for seafood and game meat. Moreover, the FDA regulations do not allow 
for the use of the claim ``lean'' on a food in the category of ``mixed 
dishes not measurable with a cup'' when the product as packaged does 
not meet the minimum weight criterion to qualify as a ``main dish.'' 
The current FDA regulations thus prohibit a manufacturer from labeling 
FDA-regulated ``mixed dishes not measurable with a cup'' with a 
``lean'' claim, while manufacturers are able to use the claim on such 
foods that are regulated by USDA. For example, a food such as a starch 
based wrap, with chicken, broccoli, and cheddar cheese that is subject 
to USDA regulation, is able to bear a ``lean'' claim under USDA 
regulations, but a similar wrap with just broccoli and cheese and 
without chicken, that would not be subject to USDA regulation, could 
not bear a ``lean'' claim under current FDA regulations.
    FDA has reviewed Nestl[eacute]'s petition and appreciates its 
concerns about the differences between current FDA and USDA regulations 
as to the eligibility for a ``lean'' nutrient content claim for foods 
in the category of ``mixed dishes not measurable with a cup.'' In the 
nutrient content claims final rule (58 FR 2302 at 2343), in providing a 
definition for the term ``lean'' for seafood and game meat and meal-
type products, the agency stated that such a definition would enable 
consumers to compare the nutritional values of products that may serve 
as substitutes for one another in creating a balanced diet. Because of 
the requirement in Sec.  101.13(m) that, among other things, products 
must weigh a minimum of 6 oz in order to be considered main dish 
products, and that by current regulation only seafood and game meat and 
meals and main dish products may bear the ``lean'' claim, FDA 
acknowledges that a whole group of products (namely ``mixed dishes not 
measurable with a cup'') may be prohibited from bearing the ``lean''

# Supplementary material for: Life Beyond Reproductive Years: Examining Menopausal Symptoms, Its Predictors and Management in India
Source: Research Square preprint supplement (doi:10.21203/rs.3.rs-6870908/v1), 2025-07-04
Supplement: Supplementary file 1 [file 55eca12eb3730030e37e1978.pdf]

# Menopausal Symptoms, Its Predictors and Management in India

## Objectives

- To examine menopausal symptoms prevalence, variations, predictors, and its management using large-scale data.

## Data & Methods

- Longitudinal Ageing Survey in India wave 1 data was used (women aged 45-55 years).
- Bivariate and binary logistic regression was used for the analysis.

claim because of the prohibition on using the claim on individual foods 
other than seafood and game meat that do not meet the criteria for main 
dishes, including the 6 oz weight criterion.
    FDA acknowledges Nestl[eacute]'s argument, as demonstrated by the 
data submitted in the petition, that these types of products, which 
include egg rolls, burritos, and other handheld sandwich-like products, 
have found their way into the American diet and serve as a convenient 
``meals-on-the-go'' eating option that is consistent with America's 
changing lifestyle. They provide a ``heat and eat,'' no-utensils-
required, alternative to other types of food products. As market 
research by ACNielsen Syndicated Data indicates,\7\ the sandwiches/
snacks category has seen significant growth in the past 5 years, with a 
43-percent increase in dollar sales since 1999. As such, this category 
has become a well established product category that consumers have come 
to rely on.
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    \7\ ACNielsen Syndicated Data, see Attachment 7 of the petition 
(Ref. 1).
---------------------------------------------------------------------------

    FDA also acknowledges Nestl[eacute]'s arguments that there is a 
growing interest in healthful alternatives to traditional food options, 
including vegetarian alternatives. This interest is demonstrated by a 
30-percent increase in sales in the past year, according to ACNielsen, 
in the ``Frozen Sandwich and Snack, Nutrition category'' and even by 
the increasing markets for ``meal-replacement bars'' and ``liquid meal-
replacements.'' Although not included in the ``mixed dishes not 
measurable with a cup'' category of foods, the increasing markets for 
the meal-replacement bars and liquid meal-replacement foods support the 
trend of Americans choosing more portable foods, especially foods that 
consumers consider healthful alternatives.
    In evaluating the information that Nestl[eacute] presented in its 
petition, FDA acknowledges that portable food products, particularly 
those that are nutrient (i.e., fat, saturated fat, and cholesterol) and 
portion controlled, serve a useful purpose in assisting consumers in 
selecting a diet that is consistent with current dietary 
recommendations (i.e., IOM acceptable macronutrient distribution 
ranges, DRVs established by FDA, and the 2005 Dietary Guidelines for 
Americans).
    The agency has tentatively concluded that providing for a ``lean'' 
claim on ``mixed dishes not measurable with a cup'' will provide 
consumers with a means to distinguish, in this well established 
category, among the variety of portion controlled products so that they 
may select those products that are limited in fat, saturated fat, and 
cholesterol as opposed to their ``full fat'' alternatives. The agency 
acknowledges the potential that ``mixed dishes not measurable with a 
cup'' that are eligible to bear a ``lean'' claim offer in delivering a